The results of the QM/MM modeling for the thyroid hormones, T4, T3, and T4ac, based on two starting orientations near the RGD binding site at the interface of the αv and β3 domains, show that the thyroid hormones can bind in a wide range of orientations. In the case of T4, the different starting positions result in binding modes in which the amino and hydroxyl ends of the molecule are flipped in the binding pocket. In one orientation, the 4′-hydroxyphenyl ring occupies a binding pocket deeper within the crevice between the αvβ3 domains, while in the other binding mode, the phenolic ring occupies the interface between the integrin αvβ3 domains (Figure 4). Consistent with pharmacokinetic/pharmacodynamic modeling reported elsewhere [26], the QM/MM modeling results for T3 differ significantly from those of T4 (Figure 5). In one mode, the tyrosyl moiety lies along the Arg side chain of the cyclic RGD peptide (Figure 6). The second binding mode for T3 places the 4′-phenolic ring in a different binding pocket than observed for T4 (Figure 5). The results for the two starting positions of T4ac reveal yet another variation in binding modes (Figure 7). In this case, one of the T4ac orientations aligns along the side chain of Arg in the RGD peptide binding site, as was observed for one of the orientations of T3 (Figure 6). Comparison of the other starting position for T3 and T4ac reveals a binding mode in which the phenolic ring of T4ac binds deeper within the RGD binding pocket, similar to that of T4. The phenolic ring of T3 occupies an alternate pocket not occupied by either T4 or T4ac (Figure 8). The one starting position calculated for the noniodinated thyroid analogue GC-1 binds in a similar manner to that of T3 (Ca2) (Figure 9).

959057.fig.004
Figure 4: Stereoview of QM/MM model for T4 (green, Ca1) and T4 (cyan, Ca2) bound in αvβ3 integrin at the RGD binding site. Note that this energy minimum conformation has T4 bound in a “forward” and “reverse” orientation with the phenolic ring flipped in opposite directions. The electrostatic surface for integrin is shown. Red is negative and blue is positive surface. αv domain is green and β3 domain is cyan. Figure drawn with PyMol.
959057.fig.005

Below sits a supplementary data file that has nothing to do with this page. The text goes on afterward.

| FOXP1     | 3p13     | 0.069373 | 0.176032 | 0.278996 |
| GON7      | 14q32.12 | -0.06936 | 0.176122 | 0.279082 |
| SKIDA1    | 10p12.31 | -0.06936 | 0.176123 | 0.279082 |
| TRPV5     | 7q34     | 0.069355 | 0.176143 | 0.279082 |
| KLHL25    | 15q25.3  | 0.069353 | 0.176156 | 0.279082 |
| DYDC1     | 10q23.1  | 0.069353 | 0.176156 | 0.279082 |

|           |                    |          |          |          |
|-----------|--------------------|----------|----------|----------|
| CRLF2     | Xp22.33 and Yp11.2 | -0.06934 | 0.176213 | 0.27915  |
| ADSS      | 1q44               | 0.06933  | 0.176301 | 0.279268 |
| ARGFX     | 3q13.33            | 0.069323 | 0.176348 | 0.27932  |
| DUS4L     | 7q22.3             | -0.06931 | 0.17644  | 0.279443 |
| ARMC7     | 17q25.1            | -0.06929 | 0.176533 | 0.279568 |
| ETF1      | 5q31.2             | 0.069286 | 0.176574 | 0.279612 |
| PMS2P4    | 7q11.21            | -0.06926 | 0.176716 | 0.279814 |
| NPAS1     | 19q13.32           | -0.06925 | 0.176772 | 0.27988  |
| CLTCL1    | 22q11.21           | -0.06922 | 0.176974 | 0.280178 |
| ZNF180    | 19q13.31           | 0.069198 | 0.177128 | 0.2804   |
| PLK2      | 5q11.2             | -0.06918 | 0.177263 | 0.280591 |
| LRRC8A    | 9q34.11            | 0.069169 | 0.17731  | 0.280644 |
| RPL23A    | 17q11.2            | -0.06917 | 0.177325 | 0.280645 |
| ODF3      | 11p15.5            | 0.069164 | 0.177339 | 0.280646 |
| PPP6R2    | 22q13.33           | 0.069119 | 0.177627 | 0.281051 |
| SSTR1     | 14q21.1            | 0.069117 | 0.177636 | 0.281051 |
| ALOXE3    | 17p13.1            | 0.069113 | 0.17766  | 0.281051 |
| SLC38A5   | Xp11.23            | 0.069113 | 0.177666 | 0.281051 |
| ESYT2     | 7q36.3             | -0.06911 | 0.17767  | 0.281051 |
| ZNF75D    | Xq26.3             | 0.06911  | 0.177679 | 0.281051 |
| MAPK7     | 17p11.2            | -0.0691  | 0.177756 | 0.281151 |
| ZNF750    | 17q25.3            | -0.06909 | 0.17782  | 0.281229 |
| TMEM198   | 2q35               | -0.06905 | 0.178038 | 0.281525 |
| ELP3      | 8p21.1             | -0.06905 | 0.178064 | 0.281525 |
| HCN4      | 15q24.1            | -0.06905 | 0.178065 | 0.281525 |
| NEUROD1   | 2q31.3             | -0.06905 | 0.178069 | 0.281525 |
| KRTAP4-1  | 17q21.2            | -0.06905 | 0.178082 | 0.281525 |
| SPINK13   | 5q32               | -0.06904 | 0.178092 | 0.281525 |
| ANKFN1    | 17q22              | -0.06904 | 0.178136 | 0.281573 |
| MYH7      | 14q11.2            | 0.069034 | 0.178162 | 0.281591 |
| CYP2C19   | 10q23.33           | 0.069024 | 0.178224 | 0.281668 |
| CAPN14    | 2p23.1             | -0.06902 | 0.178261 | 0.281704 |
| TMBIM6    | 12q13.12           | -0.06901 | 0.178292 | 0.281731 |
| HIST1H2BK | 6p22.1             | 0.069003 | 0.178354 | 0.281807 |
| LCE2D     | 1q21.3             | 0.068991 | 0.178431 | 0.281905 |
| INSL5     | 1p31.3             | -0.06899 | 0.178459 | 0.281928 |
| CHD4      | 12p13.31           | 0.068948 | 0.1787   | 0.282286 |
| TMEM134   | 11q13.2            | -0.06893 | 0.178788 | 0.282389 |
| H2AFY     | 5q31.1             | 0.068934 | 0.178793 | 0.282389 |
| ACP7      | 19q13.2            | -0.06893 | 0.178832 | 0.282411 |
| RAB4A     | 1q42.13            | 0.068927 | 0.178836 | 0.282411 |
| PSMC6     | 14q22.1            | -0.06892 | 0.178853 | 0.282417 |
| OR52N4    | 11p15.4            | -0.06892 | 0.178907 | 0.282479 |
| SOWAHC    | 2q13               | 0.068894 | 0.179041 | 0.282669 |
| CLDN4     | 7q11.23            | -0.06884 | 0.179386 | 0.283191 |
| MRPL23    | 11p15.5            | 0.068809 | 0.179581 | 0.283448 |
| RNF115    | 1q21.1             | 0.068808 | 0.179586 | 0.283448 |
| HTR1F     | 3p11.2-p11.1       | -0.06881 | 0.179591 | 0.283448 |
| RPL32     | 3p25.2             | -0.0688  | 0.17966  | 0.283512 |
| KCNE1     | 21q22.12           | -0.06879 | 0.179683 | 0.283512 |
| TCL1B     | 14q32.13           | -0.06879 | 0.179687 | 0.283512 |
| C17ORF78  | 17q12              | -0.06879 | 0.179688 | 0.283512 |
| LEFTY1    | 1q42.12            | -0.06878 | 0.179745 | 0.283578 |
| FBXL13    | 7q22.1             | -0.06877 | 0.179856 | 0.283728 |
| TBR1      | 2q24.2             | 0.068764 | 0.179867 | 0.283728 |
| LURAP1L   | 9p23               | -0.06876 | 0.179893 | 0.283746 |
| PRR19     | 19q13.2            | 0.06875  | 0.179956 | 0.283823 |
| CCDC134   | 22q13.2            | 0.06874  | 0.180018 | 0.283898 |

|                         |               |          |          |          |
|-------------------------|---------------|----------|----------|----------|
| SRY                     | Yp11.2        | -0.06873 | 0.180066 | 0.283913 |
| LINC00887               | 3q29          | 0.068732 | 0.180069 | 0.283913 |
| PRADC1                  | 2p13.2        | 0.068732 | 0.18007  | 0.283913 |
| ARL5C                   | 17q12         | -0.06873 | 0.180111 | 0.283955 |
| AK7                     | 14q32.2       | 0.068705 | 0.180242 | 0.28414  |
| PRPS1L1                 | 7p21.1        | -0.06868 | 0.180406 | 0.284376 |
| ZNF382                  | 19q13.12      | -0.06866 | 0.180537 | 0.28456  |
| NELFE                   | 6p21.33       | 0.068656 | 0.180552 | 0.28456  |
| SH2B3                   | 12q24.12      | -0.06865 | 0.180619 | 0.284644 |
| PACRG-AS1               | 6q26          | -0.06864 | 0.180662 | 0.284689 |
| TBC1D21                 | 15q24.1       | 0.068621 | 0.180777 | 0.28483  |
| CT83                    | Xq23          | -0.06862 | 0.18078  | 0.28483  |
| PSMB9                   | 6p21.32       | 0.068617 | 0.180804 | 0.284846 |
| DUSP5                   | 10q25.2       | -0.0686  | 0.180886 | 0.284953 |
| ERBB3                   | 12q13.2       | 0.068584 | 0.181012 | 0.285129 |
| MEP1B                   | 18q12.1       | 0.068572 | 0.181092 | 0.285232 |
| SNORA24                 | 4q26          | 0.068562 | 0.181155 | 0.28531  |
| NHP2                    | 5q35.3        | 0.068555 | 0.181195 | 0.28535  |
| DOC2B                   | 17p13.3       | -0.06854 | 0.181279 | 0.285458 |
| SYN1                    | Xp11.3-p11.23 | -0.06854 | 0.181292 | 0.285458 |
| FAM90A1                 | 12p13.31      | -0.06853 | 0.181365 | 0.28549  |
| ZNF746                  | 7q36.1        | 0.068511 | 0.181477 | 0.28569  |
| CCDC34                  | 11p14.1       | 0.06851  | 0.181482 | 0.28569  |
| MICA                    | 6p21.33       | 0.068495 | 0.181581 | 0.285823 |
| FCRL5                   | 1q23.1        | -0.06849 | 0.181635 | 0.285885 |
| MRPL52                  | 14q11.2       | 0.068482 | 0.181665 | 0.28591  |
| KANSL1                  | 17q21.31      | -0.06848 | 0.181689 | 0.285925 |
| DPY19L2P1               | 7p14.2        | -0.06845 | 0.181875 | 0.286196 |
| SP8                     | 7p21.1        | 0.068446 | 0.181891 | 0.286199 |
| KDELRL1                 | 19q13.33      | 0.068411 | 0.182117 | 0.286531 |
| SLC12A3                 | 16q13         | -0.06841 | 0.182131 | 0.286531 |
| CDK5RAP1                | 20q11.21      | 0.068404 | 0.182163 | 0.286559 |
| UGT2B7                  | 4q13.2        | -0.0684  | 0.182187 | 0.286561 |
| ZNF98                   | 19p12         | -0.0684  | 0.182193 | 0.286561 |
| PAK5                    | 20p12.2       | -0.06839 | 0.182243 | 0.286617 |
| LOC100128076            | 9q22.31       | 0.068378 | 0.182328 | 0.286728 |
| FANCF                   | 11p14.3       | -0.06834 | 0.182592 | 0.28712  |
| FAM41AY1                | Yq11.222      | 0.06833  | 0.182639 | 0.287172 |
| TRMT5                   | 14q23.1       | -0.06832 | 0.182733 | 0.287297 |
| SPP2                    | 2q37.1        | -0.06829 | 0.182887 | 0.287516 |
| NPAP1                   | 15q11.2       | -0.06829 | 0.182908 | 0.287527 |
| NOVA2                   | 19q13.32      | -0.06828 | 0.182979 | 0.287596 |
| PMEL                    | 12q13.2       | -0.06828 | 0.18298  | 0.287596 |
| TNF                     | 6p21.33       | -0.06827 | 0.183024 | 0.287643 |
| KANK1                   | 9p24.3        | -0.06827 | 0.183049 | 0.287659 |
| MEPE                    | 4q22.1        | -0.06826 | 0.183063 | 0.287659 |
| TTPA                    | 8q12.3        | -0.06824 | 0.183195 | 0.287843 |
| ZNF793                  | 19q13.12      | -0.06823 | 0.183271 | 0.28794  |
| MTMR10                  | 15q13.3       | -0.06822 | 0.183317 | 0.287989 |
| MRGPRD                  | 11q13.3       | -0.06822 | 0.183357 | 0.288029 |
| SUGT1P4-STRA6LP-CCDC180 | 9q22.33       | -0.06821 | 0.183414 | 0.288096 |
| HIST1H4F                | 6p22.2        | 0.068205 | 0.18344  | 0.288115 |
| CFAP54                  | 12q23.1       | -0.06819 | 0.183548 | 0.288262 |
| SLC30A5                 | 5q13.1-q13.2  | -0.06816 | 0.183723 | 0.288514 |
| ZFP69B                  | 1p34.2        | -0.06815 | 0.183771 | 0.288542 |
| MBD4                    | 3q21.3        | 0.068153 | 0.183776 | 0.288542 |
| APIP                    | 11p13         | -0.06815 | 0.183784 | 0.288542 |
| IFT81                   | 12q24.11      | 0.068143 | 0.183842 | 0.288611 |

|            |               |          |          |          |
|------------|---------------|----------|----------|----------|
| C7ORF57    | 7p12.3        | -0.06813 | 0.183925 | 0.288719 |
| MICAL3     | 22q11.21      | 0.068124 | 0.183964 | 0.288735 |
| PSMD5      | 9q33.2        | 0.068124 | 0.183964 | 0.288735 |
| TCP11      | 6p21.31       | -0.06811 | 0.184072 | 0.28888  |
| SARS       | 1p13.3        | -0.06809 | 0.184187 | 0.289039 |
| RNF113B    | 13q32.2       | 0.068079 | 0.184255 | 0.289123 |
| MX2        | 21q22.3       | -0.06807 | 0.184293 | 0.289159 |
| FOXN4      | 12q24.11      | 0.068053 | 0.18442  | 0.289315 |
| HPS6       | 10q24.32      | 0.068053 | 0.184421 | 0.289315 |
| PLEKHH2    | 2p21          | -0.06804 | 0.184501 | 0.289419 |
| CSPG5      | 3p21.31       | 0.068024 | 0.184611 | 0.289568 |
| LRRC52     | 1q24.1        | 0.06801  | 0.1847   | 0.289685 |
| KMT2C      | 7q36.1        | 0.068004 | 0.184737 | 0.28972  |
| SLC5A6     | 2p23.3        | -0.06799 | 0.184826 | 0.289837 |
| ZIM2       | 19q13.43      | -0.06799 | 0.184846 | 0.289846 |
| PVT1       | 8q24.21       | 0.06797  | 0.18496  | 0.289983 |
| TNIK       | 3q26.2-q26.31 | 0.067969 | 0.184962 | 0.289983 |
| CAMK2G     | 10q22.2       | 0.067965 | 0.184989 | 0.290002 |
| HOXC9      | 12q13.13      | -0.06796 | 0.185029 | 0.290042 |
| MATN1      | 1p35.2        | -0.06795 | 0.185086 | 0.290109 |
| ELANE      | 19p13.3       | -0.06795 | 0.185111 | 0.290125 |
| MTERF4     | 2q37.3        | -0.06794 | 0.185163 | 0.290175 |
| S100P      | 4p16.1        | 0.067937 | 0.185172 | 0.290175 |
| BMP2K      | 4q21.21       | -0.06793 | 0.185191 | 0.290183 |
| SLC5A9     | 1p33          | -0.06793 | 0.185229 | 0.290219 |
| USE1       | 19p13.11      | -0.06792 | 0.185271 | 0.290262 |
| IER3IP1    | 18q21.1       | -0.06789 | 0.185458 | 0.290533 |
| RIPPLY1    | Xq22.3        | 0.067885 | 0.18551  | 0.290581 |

Figure 5: Stereoview of QM/MM model for T3 bound in αvβ3 integrin at the RGD binding site. T3 bound in two orientations: one orientation (yellow, Ca1) has the phenolic ring binding in a different pocket than that of T4 while the other orientation of T3 (blue, Ca2) binds in a mode that is perpendicular to the first.
959057.fig.006
Figure 6: Stereoview of QM/MM model for T3 (blue-Ca2) and T4ac (beige) bound in αvβ3 integrin at the RGD peptapeptide (violet) binding site. The electrostatic surface for integrin is shown. Red is negative and blue is positive surface. αv domain is green and β3 domain is cyan. Spheres (purple/violet) are Ca2+/Mg2+. Figure drawn with PyMol.
959057.fig.007
Figure 7: Stereoview of QM/MM model for T4ac bound in αvβ3 integrin at the RGD binding site. T4ac bound in two orientations: one orientation (green, Ca1) has the phenolic ring binding in a different pocket than that of T4 while the other orientation of T3 (beige, Ca2) binds in a mode that is perpendicular to the first.
959057.fig.008
Figure 8: Stereoview of QM/MM model for T3 (gold, Ca2), T4ac (beige, Ca1), and T4 (green, Ca1) bound in αvβ3 integrin at the RGD binding site. The electrostatic surface for integrin is shown. Red is negative and blue is positive surface. αv domain is green and β3 domain is cyan. Figure drawn with PyMol.
959057.fig.009
Figure 9: Stereoview of αvβ3 integrin RGD electrostatic surface showing GC-1 (violet) and T3 (gold, Ca2) near the RGD binding site.

The differences in binding modes possible for the thyroid hormones are in agreement with competition data that indicate that RGD peptides block hormone binding by αvβ3 integrin. These studies further show that T4ac is a nonagonist inhibitor of T4 and T3 binding to αvβ3 integrin.

4.3. Steroid-Like Ligands

The results of the QM/MM modeling of ligand interactions with cis- and trans-reservatrol based upon two starting positions show that these ligands have similar binding orientations near the RGD binding site (Figure 10). In the case of the cis-resveratrol, both starting positions placed the ligand in similar orientations such that the dihydroxyphenyl ring makes interactions with Asn215 of the β3 domain. In the case of trans-resveratrol, the two starting positions result in the molecule being flipped such that the dihydroxyphenyl ring is bound the opposite direction. The 4′-hydroxyphenyl ring still maintains contact to Asn215 of the β3 domain (Figure 10). These results are in agreement with biochemical data that indicate only the β3 monomer was essential for activation and induction of apoptosis by resveratrol and that the occlusion of the RGD binding site blocks the cellular actions of resveratrol [30].

959057.fig.0010
Figure 10: Stereoview of αvβ3 integrin RGD showing cis-resveratrol (green, Ca1), cis-resveratrol (yellow, Ca2), trans-resveratrol (beige, Ca1), and trans-resveratrol (grey, Ca2) and the residues that make contact with the RGD site. The purple spheres are Mg2+ ions.